[Anglican Journal] A London, Ontario church is raising money for Syrian refugees at lightning speed — thanks, at least partly, to a very Canadian household material.
As of Sept. 21, St. Aidan’s Anglican Church had raised roughly $35,000 for refugee sponsorship after 15 days of its “Red Tape Challenge.” The appeal asks participants, after making their donations, to tear a piece of red duct tape and attach it to their vehicles, rural mailbox or other prominent place.
The point of the tape, says John Davidson, the St. Aidan’s parishioner who came up with the idea, is to pressure the federal government to reduce barriers to refugees in Canada – “to show Ottawa that yes, you can cut through red tape if you have the desire and the wherewithal, and you want to get the job done.”
The rector of St. Aidan’s, Canon Kevin George, says the appeal began after a sermon he preached on Sunday, September 6 — the Sunday after the first publication of the photo of three-year-old Alan Kurdi’s lifeless body on a Turkish beach.
“I preached that Sunday from James 2 about how we’re called to be a people who don’t just speak about faith but who act upon those things, particularly with respect to how James says that mercy triumphs over judgment,” George says.
Immediately after the service, Davidson approached him with the “red tape” concept. “He walked up to me and said, ‘I think I have an idea’,” George says.
Davidson is an accomplished fundraiser. In the mid-1990s, he pushed his son Jesse – afflicted with Duchenne muscular dystrophy – across Ontario, then walked across Canada to raise money to fight the disease. Davidson then founded a charity, Jesse’s Journey, which has since raised more than $20 million.
“People tend to listen” to Davidson when he stands up and makes a plea to raise money for a cause, George says.
Parishioners were already feeling very moved by the photo of little Alan, and a flurry of fundraising ensued on the spot.
“I think we were at $16 or 17,000 thousand dollars by the end of leaving coffee hour,” George says. “I’ve been doing this for about 20 years – priestly ministry – and I can’t remember ever doing anything where people responded so quickly with so much.”
“We had people in our neighborhood who don’t belong to our church take the challenge,” George says. One of these people donated $5,000; George let his congregation know about the donation, and said he hoped someone in the parish would match it—which they did.
Initially planning to sponsor one family, the parish is now considering two, Davidson says.
Taking part in the challenge is easy, Davidson says, because so many places of worship are trying to raise funds for refugees. Donors can simply slip their donation, enclosed in an envelope, into a church mail slot.
“There are more churches than Tim Hortons [donut shops] and they’ve got better parking,” he says. “So stick it in there, just write the name of the church—for me, I was making mine to St. Aidan’s, and I wrote ‘St. Aidan’s Church—refugee fund.’ They’ll know what to do with it.”
Davidson says he hopes the challenge, in addition to raising money, will help encourage Ottawa to speed up the resettlement of refugees, so that many more can be allowed into Canada.
“I’m all for a bit of scrutiny to find out who you’re getting,” he says. “I just thought, ‘Wow we’ve got to do better than that, when you look at Germany and the numbers they’re taking.’” Germany is expected to resettle at least 800,000 asylum seekers this year.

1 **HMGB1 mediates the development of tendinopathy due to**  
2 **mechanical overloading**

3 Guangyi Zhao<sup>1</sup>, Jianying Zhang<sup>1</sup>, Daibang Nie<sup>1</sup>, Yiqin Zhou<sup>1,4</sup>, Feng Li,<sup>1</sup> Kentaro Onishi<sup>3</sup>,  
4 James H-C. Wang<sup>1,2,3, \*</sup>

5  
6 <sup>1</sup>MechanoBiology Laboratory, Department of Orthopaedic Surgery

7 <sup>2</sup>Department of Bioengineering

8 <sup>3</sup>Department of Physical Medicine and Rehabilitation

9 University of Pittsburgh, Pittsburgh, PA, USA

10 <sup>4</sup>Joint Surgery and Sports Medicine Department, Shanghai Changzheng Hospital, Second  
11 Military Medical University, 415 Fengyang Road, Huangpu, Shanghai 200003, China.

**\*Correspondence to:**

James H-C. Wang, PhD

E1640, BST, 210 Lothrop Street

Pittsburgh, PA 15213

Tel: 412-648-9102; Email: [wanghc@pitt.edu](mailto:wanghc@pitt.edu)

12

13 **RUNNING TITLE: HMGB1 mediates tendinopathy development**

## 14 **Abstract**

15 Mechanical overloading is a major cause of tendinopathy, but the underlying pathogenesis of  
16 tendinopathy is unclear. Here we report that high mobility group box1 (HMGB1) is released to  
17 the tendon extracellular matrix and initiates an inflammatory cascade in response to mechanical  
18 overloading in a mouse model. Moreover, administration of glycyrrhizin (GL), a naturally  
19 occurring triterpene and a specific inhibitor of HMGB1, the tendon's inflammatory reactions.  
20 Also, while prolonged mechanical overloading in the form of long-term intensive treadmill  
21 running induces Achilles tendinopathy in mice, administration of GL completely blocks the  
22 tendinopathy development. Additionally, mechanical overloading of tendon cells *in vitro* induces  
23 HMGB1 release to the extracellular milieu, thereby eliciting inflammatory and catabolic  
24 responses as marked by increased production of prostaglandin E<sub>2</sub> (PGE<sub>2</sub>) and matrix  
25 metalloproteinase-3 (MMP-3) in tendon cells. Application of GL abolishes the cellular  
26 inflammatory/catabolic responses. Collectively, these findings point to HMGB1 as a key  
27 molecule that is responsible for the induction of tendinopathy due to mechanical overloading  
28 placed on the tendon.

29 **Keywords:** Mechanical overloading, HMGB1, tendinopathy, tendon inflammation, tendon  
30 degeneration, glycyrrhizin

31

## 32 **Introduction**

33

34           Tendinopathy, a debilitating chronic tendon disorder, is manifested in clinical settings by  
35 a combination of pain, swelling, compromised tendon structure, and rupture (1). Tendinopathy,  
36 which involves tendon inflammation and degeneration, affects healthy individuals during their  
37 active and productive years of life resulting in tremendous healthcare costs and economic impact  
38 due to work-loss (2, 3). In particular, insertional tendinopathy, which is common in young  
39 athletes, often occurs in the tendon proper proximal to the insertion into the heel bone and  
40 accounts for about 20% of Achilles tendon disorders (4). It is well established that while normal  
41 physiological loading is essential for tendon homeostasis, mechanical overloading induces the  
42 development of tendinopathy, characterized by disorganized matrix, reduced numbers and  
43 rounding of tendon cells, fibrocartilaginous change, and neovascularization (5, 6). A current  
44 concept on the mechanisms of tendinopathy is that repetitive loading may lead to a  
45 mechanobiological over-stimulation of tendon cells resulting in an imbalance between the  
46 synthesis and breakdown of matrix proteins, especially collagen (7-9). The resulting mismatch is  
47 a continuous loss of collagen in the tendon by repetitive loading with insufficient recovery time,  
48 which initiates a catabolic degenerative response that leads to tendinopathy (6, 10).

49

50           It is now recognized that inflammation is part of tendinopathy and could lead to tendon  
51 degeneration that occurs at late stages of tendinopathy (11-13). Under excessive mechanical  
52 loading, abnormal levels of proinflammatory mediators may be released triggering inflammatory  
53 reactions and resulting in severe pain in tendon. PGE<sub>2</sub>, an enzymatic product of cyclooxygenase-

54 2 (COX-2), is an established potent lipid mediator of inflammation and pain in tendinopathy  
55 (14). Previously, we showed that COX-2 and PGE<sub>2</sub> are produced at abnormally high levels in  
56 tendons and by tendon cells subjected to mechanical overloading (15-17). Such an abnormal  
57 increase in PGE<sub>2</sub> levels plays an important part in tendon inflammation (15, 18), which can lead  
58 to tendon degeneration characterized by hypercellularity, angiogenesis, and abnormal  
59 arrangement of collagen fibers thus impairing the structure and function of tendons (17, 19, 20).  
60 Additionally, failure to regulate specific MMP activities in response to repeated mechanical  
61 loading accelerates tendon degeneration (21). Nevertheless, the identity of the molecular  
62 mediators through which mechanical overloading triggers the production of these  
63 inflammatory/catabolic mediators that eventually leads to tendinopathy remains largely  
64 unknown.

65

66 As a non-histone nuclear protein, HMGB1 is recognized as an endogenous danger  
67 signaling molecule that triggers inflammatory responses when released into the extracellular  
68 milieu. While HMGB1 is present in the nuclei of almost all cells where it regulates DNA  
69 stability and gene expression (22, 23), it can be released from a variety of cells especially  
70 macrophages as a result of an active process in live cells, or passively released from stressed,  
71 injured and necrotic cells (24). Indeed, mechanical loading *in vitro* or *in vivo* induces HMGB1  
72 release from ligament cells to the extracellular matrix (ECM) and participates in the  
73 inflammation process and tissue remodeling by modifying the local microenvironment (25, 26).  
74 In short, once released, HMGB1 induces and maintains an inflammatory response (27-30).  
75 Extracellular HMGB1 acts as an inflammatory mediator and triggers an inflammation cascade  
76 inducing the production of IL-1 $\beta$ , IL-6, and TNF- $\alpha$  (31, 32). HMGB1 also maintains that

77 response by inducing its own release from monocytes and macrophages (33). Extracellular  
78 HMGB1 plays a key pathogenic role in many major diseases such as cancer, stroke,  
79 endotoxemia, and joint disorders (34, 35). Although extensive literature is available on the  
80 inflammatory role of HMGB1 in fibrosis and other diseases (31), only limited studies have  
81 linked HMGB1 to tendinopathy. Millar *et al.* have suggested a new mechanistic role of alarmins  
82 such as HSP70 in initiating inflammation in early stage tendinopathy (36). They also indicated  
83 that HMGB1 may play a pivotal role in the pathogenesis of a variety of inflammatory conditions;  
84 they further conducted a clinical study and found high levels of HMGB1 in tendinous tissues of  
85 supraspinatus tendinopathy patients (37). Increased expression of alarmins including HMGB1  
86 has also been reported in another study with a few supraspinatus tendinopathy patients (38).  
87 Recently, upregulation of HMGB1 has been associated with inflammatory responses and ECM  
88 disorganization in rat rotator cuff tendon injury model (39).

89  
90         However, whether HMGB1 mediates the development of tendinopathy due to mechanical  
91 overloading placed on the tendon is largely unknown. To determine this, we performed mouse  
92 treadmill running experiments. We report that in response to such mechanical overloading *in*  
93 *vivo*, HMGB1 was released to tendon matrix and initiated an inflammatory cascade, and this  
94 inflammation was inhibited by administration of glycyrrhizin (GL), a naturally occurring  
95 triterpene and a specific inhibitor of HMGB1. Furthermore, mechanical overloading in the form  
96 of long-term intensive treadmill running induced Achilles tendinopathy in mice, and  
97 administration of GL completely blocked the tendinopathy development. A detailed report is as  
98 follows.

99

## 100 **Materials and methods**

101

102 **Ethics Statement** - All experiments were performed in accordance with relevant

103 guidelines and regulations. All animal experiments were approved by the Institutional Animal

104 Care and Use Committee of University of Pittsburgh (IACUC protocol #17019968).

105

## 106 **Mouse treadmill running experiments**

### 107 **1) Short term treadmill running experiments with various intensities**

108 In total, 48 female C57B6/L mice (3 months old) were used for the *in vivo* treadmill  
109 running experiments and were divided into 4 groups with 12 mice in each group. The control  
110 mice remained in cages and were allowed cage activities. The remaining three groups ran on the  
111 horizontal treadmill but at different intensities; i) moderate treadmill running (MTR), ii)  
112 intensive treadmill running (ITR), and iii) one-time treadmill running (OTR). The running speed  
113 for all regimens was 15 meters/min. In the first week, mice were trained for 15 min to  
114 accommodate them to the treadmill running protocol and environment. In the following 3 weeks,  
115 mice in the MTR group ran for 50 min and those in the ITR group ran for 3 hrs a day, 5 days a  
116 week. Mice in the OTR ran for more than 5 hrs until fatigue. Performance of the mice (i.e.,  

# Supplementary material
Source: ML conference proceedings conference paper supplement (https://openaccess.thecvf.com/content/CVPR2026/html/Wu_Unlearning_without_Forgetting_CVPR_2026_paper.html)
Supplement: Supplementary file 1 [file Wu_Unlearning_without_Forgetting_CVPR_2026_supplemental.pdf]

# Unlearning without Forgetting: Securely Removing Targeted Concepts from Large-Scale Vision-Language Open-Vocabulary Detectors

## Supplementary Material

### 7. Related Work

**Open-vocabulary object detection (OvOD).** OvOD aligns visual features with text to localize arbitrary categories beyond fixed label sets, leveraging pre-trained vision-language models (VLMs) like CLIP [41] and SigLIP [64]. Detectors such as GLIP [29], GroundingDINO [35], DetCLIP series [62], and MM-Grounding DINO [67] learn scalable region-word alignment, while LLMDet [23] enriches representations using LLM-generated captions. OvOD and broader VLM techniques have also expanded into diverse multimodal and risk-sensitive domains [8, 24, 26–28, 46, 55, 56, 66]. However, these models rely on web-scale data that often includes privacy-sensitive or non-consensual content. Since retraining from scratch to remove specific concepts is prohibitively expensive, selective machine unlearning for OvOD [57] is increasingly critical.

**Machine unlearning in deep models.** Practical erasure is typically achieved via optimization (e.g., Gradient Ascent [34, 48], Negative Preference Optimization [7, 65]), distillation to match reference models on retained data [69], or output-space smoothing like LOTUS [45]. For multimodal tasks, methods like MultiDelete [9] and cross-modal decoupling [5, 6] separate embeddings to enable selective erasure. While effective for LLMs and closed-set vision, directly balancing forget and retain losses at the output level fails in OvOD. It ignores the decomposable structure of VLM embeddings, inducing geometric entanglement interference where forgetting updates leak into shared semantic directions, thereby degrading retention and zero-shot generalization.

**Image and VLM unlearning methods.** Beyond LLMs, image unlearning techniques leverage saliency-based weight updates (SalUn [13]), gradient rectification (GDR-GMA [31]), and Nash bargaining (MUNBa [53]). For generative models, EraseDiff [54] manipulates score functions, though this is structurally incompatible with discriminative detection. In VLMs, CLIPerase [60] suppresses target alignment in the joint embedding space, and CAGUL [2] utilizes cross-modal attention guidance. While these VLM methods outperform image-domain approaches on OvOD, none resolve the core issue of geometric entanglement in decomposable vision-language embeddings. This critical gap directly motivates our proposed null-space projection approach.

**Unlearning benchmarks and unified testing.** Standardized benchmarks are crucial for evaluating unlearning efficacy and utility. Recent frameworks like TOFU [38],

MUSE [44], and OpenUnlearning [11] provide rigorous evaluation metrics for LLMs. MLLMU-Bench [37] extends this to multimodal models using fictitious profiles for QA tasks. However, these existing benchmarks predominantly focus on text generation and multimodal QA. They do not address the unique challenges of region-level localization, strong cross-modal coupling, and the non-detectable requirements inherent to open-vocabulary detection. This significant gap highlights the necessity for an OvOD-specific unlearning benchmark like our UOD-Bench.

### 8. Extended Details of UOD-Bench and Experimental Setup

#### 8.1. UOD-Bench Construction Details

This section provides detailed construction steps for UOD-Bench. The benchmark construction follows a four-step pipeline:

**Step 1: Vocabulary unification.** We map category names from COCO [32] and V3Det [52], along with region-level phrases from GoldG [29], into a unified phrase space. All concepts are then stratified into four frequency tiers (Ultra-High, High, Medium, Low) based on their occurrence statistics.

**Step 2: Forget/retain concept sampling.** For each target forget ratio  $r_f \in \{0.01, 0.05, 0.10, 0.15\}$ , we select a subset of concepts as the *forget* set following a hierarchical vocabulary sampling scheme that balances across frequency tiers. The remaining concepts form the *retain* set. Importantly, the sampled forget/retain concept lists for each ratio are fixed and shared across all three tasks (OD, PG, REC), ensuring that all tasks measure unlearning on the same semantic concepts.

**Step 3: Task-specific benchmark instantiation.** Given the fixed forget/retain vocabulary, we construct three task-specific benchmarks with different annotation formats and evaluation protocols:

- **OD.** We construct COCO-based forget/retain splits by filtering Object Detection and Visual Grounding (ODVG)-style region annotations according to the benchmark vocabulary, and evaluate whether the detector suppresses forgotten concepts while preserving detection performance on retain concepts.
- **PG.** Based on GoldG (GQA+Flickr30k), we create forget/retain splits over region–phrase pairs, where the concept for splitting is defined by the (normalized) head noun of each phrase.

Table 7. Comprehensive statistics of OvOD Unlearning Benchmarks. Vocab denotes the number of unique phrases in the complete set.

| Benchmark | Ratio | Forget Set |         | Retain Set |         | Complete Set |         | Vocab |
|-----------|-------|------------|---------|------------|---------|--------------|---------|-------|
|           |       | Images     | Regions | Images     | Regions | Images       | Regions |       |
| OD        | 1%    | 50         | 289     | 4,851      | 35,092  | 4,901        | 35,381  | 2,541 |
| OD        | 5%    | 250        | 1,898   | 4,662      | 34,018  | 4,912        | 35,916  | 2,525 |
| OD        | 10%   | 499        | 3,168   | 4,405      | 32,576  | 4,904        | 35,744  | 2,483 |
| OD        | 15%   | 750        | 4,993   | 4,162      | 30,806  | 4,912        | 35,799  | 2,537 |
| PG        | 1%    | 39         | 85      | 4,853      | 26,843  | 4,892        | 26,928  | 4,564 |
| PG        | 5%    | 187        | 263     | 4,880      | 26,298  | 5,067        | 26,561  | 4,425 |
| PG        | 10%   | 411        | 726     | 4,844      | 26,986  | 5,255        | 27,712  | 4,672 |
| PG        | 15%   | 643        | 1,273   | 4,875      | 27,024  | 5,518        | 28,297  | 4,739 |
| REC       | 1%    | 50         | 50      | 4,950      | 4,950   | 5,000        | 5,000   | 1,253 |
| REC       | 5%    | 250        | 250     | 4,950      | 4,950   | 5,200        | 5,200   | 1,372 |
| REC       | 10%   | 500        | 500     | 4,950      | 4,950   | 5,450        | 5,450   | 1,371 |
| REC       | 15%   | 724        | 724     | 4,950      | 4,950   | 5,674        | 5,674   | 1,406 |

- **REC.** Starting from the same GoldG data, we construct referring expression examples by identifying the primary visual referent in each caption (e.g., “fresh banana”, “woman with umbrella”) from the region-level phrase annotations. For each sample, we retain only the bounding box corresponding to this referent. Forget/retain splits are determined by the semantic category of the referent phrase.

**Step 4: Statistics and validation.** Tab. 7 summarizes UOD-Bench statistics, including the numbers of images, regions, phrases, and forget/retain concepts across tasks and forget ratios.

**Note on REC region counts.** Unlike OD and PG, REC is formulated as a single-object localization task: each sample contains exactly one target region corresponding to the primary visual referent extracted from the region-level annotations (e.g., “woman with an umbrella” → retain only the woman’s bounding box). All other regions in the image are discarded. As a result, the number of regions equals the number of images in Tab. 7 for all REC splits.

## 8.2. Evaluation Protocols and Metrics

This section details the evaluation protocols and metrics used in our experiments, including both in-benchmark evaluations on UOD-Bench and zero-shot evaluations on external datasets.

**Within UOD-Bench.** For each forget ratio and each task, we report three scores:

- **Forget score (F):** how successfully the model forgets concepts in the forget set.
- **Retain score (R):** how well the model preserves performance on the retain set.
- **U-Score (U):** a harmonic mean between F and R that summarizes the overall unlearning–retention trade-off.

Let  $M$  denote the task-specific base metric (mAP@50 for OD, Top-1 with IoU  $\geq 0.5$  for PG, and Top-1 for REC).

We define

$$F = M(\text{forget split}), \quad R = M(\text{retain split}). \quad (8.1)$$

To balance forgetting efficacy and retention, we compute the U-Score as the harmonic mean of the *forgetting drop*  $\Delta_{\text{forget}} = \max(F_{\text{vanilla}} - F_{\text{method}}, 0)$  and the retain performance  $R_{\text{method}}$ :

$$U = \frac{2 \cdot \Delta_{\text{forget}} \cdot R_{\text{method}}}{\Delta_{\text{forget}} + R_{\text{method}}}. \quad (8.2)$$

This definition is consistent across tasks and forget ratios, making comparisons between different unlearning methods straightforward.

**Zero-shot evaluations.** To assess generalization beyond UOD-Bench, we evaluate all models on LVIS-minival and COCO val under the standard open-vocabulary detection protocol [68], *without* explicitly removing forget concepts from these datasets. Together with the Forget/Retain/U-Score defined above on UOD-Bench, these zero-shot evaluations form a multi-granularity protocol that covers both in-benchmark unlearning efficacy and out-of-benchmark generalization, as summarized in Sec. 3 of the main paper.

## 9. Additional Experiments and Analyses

George says he and other organizers are heartened by Immigration Minister Chris Alexander’s announcement this weekend of plans to, in his own words, “cut red tape” and speed up the processing of refugees. Ottawa will undertake new measures that will allow 10,000 Syrian refugees to be admitted by September 2016, instead of the federal government’s promise in January of doing so within three years, Alexander says.
But organizers think much more can still be done, George says. He points to a recent call on Ottawa by retired general Rick Hillier to bring in 50,000 refugees over the next three months—a number that is really not as large as it may seem, George says, given Canada’s size.
“Fifty thousand represents just a little more than what we would put in a Blue Jays game—right across the nation,” he says.
Participants in the Red Tape Challenge are invited to post photos or video of their own torn red tape on Facebook or other social media, Davidson says. But he’s less enthusiastic about the idea of people sharing other people’s Red Tape Challenge posts without actually taking part.
“I said when it comes to sharing it – don’t,” he says. “Don’t share unless you’re going to do something yourself, because this is important. When it comes to sharing video stuff, this isn’t a cat playing a piano we’re talking about — this is real people in real trouble.
People are sharing things constantly … but are they actually acting on anything? That’s the question. And I have found in my past adventures action speaks a lot louder than words.”
George and Davidson say they hope the Red Tape Challenge will be picked up by other faith leaders in the London area, or even nationwide.
“Wouldn’t it be great if every church in this country was ready and able to raise that kind of money and say, ‘we’re standing by, send us people who need the help and we’ll help them?,” Davidson says. “And I think you’ll find a few years down the road these people are great contributors to the country.”